Created in 2018, Bird’s Fleet Manager program has long been marketed as a promising alternative for micromobility entrepreneurs seeking a greater sense of ownership in their work with the company — not to mention a larger share of the profits from rides in their area than they might get from picking up the odd scooter to charge on the street.
But that sense of ownership is only a sense. Under the model, Bird essentially leases a small fleet of scooters to the Manager — 100 is typical — in exchange for an undisclosed equipment fee that the manager must pay back as “her” vehicles draw fares over the course of the partnership. After the debt is paid, managers then earn up to two-thirds of the revenue generated by the scooters, less a small security deposit on each scooter, which Bird keeps.
Reports are mixed on whether that deal is a good one for the contractors. Some successful Fleet Managers say they make as much as $5,000 a week — particularly those who operate successful bike shops and logistics companies either in addition to or prior to their work with Bird — and Bird says the program now has a median take-home pay of $70,000 a year after fees are paid back. Others claim the program earns them far less while functionally requiring constant uncompensated overtime to meet Bird’s rigorous performance metrics that demand that scooters get charged and put back on the street as fast as possible. One manager told One Zero that he ended up roughly $40,000 in debt once the costs of a cargo van, warehouse rental, and repair costs were factored in, and ended up spending some nights “camping in his van on the street to study the public’s scooter habits” to avoid having some of his vehicles taken away by the company due to underperformance.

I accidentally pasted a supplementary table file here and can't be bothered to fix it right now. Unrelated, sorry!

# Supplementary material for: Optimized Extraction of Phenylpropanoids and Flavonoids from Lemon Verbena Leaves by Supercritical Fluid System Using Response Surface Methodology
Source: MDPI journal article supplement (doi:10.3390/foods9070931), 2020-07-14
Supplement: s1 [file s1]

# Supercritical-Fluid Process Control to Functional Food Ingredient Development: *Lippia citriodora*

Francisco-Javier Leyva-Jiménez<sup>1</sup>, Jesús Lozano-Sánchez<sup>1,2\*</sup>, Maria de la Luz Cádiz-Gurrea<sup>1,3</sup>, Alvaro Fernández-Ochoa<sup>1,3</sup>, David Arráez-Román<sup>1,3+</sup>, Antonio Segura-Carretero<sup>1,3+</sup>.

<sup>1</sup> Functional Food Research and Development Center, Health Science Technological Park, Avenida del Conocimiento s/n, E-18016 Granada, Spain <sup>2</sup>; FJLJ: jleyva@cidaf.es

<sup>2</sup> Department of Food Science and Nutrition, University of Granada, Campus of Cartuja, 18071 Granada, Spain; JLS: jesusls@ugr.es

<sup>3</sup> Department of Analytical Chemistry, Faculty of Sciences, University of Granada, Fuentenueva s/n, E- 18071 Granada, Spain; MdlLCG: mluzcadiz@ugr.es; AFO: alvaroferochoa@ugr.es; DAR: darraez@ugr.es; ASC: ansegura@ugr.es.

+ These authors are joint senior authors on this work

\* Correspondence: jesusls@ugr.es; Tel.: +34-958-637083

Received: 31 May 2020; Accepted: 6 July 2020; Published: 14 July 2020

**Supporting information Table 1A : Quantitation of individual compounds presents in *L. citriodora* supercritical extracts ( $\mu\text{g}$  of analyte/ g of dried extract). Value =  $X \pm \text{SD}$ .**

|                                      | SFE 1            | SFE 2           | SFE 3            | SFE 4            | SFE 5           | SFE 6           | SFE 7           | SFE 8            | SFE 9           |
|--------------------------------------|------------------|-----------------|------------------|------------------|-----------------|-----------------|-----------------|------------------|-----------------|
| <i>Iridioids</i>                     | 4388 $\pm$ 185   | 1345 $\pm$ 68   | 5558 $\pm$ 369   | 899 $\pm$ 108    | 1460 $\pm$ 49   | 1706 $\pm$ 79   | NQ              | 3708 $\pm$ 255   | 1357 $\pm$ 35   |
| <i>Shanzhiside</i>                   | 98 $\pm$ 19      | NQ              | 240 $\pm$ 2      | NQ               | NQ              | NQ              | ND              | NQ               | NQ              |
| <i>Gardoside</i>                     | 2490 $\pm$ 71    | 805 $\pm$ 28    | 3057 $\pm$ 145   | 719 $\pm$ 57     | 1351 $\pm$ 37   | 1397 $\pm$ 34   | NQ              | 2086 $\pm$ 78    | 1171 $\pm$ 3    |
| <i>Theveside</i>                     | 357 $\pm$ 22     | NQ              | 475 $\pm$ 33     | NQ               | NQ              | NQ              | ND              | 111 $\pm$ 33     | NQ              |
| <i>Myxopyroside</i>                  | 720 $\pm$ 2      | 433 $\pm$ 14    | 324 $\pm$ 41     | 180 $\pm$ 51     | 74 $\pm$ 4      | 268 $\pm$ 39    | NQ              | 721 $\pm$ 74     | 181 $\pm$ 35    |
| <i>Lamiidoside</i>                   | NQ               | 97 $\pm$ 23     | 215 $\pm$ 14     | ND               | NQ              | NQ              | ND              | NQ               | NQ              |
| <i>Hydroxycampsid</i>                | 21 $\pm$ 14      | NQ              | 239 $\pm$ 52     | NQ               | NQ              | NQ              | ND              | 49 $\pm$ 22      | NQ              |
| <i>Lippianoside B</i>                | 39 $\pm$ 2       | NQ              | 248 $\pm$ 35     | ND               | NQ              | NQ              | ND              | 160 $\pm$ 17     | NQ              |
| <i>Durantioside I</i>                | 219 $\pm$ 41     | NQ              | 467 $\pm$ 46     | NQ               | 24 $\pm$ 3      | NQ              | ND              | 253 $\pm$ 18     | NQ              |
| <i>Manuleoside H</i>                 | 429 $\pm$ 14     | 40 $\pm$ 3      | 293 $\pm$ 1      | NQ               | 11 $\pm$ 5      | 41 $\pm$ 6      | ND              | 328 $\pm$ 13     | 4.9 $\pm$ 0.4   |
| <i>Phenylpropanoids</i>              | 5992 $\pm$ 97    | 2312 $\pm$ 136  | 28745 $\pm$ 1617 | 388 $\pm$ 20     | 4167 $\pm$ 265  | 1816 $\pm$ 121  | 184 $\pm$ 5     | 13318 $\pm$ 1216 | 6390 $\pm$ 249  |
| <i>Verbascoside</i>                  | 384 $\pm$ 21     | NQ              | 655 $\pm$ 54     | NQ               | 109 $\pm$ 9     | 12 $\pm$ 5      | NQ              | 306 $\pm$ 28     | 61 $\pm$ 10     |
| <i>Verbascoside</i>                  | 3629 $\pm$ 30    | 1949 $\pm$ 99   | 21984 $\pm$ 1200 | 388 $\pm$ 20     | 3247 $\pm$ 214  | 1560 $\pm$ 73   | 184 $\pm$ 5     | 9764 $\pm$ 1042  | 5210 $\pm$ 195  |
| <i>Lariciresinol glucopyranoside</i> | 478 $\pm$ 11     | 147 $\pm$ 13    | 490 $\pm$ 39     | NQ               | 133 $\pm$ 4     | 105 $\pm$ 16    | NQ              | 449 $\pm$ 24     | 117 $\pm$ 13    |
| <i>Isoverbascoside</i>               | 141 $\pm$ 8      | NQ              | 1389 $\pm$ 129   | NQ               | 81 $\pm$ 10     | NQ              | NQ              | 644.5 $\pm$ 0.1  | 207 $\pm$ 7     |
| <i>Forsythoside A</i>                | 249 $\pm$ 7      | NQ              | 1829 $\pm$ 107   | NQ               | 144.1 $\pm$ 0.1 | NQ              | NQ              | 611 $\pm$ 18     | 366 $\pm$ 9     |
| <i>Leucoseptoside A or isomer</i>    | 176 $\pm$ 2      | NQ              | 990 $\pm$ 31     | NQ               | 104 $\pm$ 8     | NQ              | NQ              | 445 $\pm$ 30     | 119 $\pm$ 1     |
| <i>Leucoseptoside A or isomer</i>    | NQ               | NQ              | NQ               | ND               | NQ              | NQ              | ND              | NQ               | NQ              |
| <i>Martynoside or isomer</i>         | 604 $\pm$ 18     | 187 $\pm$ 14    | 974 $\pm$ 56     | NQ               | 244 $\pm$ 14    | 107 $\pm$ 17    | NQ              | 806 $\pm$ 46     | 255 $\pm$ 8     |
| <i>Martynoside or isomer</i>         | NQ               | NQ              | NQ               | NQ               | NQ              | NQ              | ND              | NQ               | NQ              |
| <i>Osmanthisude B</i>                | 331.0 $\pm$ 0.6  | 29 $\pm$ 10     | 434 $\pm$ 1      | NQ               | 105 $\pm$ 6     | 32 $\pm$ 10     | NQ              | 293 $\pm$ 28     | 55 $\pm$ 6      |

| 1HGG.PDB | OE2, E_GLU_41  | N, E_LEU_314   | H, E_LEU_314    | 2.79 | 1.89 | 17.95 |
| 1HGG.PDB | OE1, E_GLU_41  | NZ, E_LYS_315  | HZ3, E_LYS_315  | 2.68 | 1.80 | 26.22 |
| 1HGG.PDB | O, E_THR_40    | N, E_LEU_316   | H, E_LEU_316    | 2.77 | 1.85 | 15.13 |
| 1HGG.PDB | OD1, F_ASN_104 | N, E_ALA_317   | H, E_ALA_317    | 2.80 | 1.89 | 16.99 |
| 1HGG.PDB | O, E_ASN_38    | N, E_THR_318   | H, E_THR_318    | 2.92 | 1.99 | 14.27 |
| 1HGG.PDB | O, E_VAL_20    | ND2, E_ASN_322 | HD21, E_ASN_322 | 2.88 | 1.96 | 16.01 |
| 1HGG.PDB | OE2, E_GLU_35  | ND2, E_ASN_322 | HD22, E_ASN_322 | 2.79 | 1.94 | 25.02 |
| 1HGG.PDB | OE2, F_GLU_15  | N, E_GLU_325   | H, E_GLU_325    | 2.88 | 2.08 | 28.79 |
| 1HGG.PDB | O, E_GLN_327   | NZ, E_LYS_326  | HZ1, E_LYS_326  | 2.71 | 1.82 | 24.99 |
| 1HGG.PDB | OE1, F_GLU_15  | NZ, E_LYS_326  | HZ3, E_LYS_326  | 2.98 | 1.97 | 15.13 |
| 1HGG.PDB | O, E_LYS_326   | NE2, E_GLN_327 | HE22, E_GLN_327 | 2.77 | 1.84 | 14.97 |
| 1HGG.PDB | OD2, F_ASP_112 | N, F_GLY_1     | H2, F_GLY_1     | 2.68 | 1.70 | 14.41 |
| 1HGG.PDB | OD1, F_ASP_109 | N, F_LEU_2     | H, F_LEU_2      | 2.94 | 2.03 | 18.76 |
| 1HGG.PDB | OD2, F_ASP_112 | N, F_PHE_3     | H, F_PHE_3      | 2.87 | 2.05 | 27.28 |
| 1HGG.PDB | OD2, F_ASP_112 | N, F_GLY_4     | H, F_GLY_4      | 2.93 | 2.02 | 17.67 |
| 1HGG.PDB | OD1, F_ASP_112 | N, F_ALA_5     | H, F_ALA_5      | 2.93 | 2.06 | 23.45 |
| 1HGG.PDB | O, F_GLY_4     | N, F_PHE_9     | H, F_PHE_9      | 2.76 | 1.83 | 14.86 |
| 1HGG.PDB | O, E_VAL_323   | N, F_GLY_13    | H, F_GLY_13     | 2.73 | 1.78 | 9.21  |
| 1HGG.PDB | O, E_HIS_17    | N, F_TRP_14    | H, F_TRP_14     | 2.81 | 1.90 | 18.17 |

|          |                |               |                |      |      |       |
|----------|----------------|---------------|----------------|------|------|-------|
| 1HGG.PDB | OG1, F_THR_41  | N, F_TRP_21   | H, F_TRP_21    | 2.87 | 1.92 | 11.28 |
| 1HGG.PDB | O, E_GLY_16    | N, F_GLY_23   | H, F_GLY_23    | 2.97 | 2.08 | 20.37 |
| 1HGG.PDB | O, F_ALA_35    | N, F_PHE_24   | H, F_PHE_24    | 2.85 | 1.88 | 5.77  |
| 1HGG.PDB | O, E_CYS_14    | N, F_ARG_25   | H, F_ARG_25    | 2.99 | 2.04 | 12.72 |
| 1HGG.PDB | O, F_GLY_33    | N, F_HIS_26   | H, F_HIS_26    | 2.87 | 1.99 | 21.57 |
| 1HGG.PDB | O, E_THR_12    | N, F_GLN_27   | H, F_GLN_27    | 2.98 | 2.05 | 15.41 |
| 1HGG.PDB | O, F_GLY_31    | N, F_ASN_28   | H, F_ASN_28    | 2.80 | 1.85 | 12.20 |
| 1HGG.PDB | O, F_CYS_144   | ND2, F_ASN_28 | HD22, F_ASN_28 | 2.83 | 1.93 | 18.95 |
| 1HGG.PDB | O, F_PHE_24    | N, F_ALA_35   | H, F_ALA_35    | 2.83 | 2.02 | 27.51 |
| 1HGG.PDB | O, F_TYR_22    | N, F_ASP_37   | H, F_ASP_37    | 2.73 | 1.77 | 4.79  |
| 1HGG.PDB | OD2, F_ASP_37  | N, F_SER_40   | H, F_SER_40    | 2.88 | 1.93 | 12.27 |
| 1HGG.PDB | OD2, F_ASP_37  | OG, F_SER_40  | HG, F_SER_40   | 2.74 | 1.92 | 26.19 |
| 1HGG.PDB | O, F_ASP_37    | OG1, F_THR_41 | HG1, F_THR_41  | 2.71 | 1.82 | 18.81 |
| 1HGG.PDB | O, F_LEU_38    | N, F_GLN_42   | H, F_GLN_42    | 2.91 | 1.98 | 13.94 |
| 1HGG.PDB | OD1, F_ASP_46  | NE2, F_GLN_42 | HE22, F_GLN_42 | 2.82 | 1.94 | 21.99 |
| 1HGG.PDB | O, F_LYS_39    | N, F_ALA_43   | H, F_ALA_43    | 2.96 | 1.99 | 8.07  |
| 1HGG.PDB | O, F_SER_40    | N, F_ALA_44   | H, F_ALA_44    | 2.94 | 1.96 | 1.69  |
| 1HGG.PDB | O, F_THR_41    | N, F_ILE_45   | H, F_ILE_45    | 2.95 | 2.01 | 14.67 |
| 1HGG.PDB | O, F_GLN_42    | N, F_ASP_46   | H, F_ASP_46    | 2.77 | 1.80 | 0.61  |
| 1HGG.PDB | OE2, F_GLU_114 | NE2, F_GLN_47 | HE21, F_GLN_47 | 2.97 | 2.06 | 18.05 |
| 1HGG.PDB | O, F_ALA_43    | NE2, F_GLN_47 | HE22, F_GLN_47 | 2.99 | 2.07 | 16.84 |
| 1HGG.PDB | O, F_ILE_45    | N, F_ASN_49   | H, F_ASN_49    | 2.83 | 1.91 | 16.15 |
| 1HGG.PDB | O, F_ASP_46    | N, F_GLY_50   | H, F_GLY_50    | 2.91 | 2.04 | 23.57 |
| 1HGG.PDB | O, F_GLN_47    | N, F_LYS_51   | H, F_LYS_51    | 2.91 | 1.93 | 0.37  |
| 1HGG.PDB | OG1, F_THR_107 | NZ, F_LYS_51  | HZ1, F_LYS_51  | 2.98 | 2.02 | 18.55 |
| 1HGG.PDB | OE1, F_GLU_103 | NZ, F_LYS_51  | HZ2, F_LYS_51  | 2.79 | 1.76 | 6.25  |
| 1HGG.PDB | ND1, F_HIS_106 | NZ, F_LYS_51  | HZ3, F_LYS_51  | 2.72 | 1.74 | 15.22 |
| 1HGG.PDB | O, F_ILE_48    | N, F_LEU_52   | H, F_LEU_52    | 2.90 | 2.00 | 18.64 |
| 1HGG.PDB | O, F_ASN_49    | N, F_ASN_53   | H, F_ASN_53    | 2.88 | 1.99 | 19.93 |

Some advocates say the terms of the Fleet Manager program — not to mention the looming debt — are a recipe for contractors to put their personal profit over the mobility goals of the cities with which scooter companies partner. In May, Bird was cited nearly 250 times by the city of Chicago for struggling to meet city requirements to redeploy at least 50 percent of scooters in underserved neighborhoods called “equity priority sub-areas,” despite the fact that the company’s algorithms are optimized to comply with those rules. (Competitors Lime and Spin had eight and one citation, respectively.)
Bird did eventually bring its managers into compliance, but faced similar citations in Minneapolis soon after. And some advocates say it’s not surprising that often-indebted workers put their own earning potential over local mobility justice goals — just like app taxi drivers have long been legally permitted to do in some communities. (Bird was founded by Uber and Lyft veteran Travis VanderZanden, who remains CEO.)